Setsuné’s log house in Fort Smith is packed with taxidermied animals she and her late husband trapped for more than 20 years: marten, weasel, wolf, foxes, even a wolverine. She still traps today.
Cheeky and youthful, Setsuné remembers her teenage struggles. At age 13, she decided she’d had enough of her parents’ drinking—her family was living in Uranium City, Saskatchewan, at the time—and went to live with her grandparents in Fort Smith (she’s distantly related to Lys). She’d go back to her parents every summer and Christmas for a few more years until that, too, became unbearable.
She grew close to her grandfather and confided in him; “My grandmother was too innocent,” she grins. Local Chipewyan women taught her how to sew and fish. Today, she’s one of the region’s foremost seamstresses.
She overcame those troubled years. She was 16 when she met David Dragon, and 19 when she married him. They shared a life for 53 years, had six children, 13 grandchildren and two great-grandchildren. And though David died three years ago, Jane still drives by the cemetery to bid him good night. “If anyone has half of what we had,” she says softly, “their life is perfect.”
At the Arctic Inspiration Award ceremony last December, Makenzie Zouboules and Setsuné sat side by side. When Peter Mansbridge, who was part of the award’s selection committee, announced FOXY as the winner, they cheered, hugged, and joined MacNeill and Lys onstage. Zouboules, FOXY’s first ever peer leader, had written a speech in advance—just in case—and realized then she’d have to go through with a promise she’d made to herself.
“I’d said that if we win a million dollars, I might as well come out [as queer] in front of Peter Mansbridge and Tanya Tagaq,” she says. “It was strange because people stood up and started clapping.”
Back home, the reaction was different. Her family was surprised, yet supportive. But since she’d been away at the University of Victoria, coming home to Yellowknife in the summer was at times jarring. People she hadn’t spoken to in years would suddenly resurface to ask her “what percent gay” she was.
“There’s a discussion that isn’t happening in the North,” she says, “and a lot of that is stemming from students who are starting to find things out about themselves as young people and then come home and don’t have the support to be able to be who they are.”
All this at a time when Zouboules was already under unimaginable stress. Last March, she reported a sexual assault. She doesn’t want to get into the details—it might
affect the ongoing investigation—but speaks openly about her experience.
It was Lys who guided her through what to do: get a rape kit done; file an official police statement; see a counsellor. (She ended up having to wait nine months to get approval.) Her schoolwork lagged and she had to take time off her studies.
“What if I wasn’t able to wait nine months?” she says. “A lot of people can’t, and a lot of people give up.” Especially, she adds, if they’re 15 or 16, trying to navigate the system alone.
A couple of weeks after we speak, I think of Zouboules as I sit in on a FOXY workshop. After taking a few minutes to pick out costumes from a tickle-trunk suitcase bursting with sparkly vests, rainbow coloured sunglasses, hats, feather boas and wigs, the girls are given scenarios to act out, with improvised endings. For instance: the case of a 22-year-old male coach who tries to kiss a 14-year-old student, or the case of a girl who gets bullied after an ex-boyfriend leaks her nude photos.
When the FOXY facilitators casually mention these scenarios are based on true stories—that this has happened to them—heads turn and eyes widen. Even the shyest girls edge in a litte closer to the group. The final barrier melts away. They’re safe here.
With wide eyes, Keith MacNeill—Nancy’s dad—and Ken Mackay survey the room. Twenty people have gathered at Fort Smith’s high school library to talk about building a FOXY program for boys, and the two of them are supposed to facilitate the discussion. Nancy’s dad is a filmmaker who’s lived in Nunavut and the NWT for decades; Mackay is a baker and carpenter in Yellowknife. Neither of them feel prepared for this, and it’s a tough crowd.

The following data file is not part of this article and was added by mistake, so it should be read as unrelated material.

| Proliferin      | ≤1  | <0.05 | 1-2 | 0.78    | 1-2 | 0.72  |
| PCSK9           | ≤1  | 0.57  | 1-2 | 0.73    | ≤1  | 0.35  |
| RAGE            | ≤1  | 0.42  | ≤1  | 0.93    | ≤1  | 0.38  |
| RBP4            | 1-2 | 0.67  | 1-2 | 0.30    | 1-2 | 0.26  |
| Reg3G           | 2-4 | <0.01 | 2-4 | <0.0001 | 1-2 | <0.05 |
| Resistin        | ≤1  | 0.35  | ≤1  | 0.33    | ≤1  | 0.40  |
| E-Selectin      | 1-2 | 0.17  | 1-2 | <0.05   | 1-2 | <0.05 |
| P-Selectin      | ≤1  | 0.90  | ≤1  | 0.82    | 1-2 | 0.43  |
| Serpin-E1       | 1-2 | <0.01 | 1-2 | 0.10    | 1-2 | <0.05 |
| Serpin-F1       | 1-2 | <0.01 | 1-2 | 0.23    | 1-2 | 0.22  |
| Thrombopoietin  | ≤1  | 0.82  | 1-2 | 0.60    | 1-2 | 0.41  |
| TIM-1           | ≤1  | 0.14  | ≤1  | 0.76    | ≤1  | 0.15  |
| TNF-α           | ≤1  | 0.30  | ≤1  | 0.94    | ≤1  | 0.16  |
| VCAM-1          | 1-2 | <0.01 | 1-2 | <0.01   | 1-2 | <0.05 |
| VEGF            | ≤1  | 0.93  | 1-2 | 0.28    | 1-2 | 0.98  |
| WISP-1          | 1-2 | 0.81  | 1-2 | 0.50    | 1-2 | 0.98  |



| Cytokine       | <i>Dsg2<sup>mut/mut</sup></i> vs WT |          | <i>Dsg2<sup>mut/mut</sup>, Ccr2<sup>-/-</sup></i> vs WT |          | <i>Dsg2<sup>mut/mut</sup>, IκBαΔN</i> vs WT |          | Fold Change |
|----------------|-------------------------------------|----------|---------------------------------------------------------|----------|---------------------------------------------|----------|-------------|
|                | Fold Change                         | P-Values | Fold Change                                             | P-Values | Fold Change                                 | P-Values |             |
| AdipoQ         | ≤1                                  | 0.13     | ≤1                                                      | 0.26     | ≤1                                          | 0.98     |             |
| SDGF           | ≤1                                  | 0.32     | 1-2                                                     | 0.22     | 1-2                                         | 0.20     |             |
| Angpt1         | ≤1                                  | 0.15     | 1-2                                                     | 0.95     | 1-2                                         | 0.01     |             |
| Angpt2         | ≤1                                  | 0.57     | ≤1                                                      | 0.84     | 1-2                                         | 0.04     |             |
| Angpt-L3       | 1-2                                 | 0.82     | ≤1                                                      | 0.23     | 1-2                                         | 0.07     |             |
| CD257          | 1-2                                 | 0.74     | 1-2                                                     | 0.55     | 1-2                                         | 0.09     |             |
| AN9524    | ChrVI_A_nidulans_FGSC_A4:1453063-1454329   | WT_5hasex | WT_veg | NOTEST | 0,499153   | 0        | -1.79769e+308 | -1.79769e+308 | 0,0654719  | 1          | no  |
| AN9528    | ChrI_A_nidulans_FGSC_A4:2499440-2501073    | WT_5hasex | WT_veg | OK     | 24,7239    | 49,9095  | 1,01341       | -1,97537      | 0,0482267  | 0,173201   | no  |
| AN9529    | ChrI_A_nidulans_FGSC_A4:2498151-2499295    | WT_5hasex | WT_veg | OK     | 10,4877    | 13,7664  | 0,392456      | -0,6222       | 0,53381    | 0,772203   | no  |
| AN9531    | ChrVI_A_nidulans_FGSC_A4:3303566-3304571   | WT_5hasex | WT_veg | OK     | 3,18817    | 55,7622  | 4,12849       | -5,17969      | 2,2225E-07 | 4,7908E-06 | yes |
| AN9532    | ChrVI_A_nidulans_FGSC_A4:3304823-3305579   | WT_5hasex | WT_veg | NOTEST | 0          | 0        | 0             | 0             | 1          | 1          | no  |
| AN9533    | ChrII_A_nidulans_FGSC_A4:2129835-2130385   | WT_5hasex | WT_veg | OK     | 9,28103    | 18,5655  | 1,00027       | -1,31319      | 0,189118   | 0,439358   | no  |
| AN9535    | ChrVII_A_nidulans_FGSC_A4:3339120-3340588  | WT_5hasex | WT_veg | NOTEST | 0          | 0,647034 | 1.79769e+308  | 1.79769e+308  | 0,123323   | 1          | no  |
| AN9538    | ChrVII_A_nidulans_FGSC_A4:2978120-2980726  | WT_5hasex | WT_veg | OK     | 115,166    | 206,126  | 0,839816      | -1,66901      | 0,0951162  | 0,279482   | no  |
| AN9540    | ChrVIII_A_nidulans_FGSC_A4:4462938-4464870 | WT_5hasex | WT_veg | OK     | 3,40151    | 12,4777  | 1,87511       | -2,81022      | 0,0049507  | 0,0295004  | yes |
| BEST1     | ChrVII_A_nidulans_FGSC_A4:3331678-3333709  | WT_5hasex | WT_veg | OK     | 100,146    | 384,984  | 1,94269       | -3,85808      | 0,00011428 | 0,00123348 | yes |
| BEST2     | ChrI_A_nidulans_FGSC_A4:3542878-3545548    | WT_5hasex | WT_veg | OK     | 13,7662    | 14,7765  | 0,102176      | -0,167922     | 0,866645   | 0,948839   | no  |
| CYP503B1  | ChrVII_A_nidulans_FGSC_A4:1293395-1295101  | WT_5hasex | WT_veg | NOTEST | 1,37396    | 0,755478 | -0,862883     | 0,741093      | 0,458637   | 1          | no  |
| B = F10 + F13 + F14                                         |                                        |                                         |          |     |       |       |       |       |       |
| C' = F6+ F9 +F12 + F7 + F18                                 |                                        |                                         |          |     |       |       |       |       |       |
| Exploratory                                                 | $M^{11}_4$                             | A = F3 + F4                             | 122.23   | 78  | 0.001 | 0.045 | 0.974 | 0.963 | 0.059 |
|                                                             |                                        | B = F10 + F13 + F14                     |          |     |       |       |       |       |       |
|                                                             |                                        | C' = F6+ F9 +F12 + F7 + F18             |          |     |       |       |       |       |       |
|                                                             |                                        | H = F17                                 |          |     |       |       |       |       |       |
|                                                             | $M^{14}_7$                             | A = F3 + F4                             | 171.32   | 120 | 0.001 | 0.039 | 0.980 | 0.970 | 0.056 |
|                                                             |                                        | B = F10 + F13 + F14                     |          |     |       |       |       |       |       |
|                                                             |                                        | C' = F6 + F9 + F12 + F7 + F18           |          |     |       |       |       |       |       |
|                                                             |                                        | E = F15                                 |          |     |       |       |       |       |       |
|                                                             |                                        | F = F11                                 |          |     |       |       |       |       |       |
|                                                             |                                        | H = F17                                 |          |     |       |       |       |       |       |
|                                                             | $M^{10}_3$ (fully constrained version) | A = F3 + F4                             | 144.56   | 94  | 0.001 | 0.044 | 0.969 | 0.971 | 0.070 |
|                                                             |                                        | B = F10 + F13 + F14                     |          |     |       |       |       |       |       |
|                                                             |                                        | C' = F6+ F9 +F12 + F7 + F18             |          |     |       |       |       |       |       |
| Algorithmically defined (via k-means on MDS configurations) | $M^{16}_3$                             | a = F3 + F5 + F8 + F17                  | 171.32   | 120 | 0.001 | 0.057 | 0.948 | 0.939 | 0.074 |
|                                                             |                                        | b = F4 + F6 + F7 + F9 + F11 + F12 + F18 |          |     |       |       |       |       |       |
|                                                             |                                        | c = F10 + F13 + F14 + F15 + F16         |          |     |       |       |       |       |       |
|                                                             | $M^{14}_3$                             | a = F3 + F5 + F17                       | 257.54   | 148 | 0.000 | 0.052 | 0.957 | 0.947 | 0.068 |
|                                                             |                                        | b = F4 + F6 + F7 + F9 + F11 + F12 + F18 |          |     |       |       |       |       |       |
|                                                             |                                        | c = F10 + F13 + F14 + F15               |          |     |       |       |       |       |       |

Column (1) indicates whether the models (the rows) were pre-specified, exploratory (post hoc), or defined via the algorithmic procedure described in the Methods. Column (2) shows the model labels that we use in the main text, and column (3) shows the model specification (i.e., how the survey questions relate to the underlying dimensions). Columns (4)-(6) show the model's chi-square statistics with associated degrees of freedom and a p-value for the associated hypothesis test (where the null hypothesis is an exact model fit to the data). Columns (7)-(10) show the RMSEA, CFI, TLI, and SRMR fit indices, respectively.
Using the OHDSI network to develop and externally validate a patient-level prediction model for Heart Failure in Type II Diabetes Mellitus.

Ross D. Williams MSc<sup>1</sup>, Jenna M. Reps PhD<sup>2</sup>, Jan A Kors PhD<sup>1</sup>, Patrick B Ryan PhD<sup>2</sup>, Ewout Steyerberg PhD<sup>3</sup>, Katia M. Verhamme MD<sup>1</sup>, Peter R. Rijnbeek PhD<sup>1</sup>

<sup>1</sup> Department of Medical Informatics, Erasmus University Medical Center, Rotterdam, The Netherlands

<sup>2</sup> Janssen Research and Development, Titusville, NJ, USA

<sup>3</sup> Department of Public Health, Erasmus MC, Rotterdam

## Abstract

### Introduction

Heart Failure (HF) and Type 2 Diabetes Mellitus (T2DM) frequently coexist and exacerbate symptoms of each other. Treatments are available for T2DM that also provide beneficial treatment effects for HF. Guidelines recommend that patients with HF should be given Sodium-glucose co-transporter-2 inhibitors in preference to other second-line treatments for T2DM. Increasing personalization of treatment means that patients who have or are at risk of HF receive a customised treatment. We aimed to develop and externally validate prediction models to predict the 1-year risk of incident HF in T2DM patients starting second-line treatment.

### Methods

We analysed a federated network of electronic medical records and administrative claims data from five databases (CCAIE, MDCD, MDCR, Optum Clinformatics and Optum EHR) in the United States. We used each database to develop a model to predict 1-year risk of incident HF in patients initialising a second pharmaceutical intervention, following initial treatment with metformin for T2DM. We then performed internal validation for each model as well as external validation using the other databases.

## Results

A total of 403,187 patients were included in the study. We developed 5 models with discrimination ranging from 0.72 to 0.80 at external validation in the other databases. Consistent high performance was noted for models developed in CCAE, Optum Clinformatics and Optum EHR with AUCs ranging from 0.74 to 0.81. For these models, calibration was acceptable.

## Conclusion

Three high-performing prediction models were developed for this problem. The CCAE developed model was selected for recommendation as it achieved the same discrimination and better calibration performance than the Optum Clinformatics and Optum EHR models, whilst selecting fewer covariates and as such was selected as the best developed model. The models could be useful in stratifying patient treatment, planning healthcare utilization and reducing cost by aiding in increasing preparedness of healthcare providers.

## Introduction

Some of the people in the room have, through their work, witnessed repeated cases of domestic violence, sexual assault and rape. They’ve seen children cowering in the corner, watching the adults in their lives get arrested, or hauled into ambulances on stretchers. And now here they are, trying to figure out how to get 13- to 17-year-old boys to talk about their feelings.
But over the next hour and a half, they start to remember their own childhoods: how some of them never had clear role models; how they were told not to cry if they fell down and hurt themselves; how they felt pressured into acting tough. How often they were told to “be a man.”
I sit down with Grant Paziuk, a counsellor at Aurora College, afterwards. “It’s hard to be a boy,” he says. Before the Second World War, he says, gender roles were clearer; in the past few decades, they’ve fallen apart. While that’s a step forward in many ways, “there are less rites of passage for boys,” he says. Expectations aren’t clear. “It’s a mumbo jumbled map they look at.”
I ask him why he came to the focus group. “I have a seven-year-old daughter,” he says, simply. “If I could help in some way that may play out in the future of the seven-year-old boys who might be her suitors eventually…” he raises his bushy eyebrows: “Otherwise I’m gonna be big bad papa bear at the door.”
After clearing up, the FOXY gang grab dinner at their hotel for a debrief. Keith brings his hand to his forehead, dotted with beads of sweat, and looks at his daughter beside him.
The focus groups will get easier, she assures him. On her other side, Ken nods, his face impassive. He’s quiet, and also a little distracted, looking down occasionally to text with his wife and kids in Yellowknife.
“Society puts pressure on women to fit a certain model,” Keith says, ruminating on what he’d heard that evening. “It puts the same pressure on men. And I think it’s equally damaging. You still see it in movies: dad goes off to war, leaves mom at home, and says to the seven-year-old boy, ‘Look after your mother.’”
What if boys learned instead that reaching out for help was not a sign of weakness? What if they didn’t deal with insecurity by taking out their pain on others? Would fewer children have to watch their parents fight or drink or succumb to drugs?
There are more ways for FOXY to grow, too. Together with a University of Toronto professor, Lys and Zouboules are working on a study of what queer youth in the NWT would like to see in their sexual health education, and are hoping to release it next summer.
As I leave the FOXY crew to head back to my bed and breakfast that evening, there’s one question I can’t get out of my mind.
“How did you learn to like yourself?” One of the focus group men had asked the women in the room, in full sincerity. “Because a lot of boys don’t like themselves.” FOXY might be able to change that.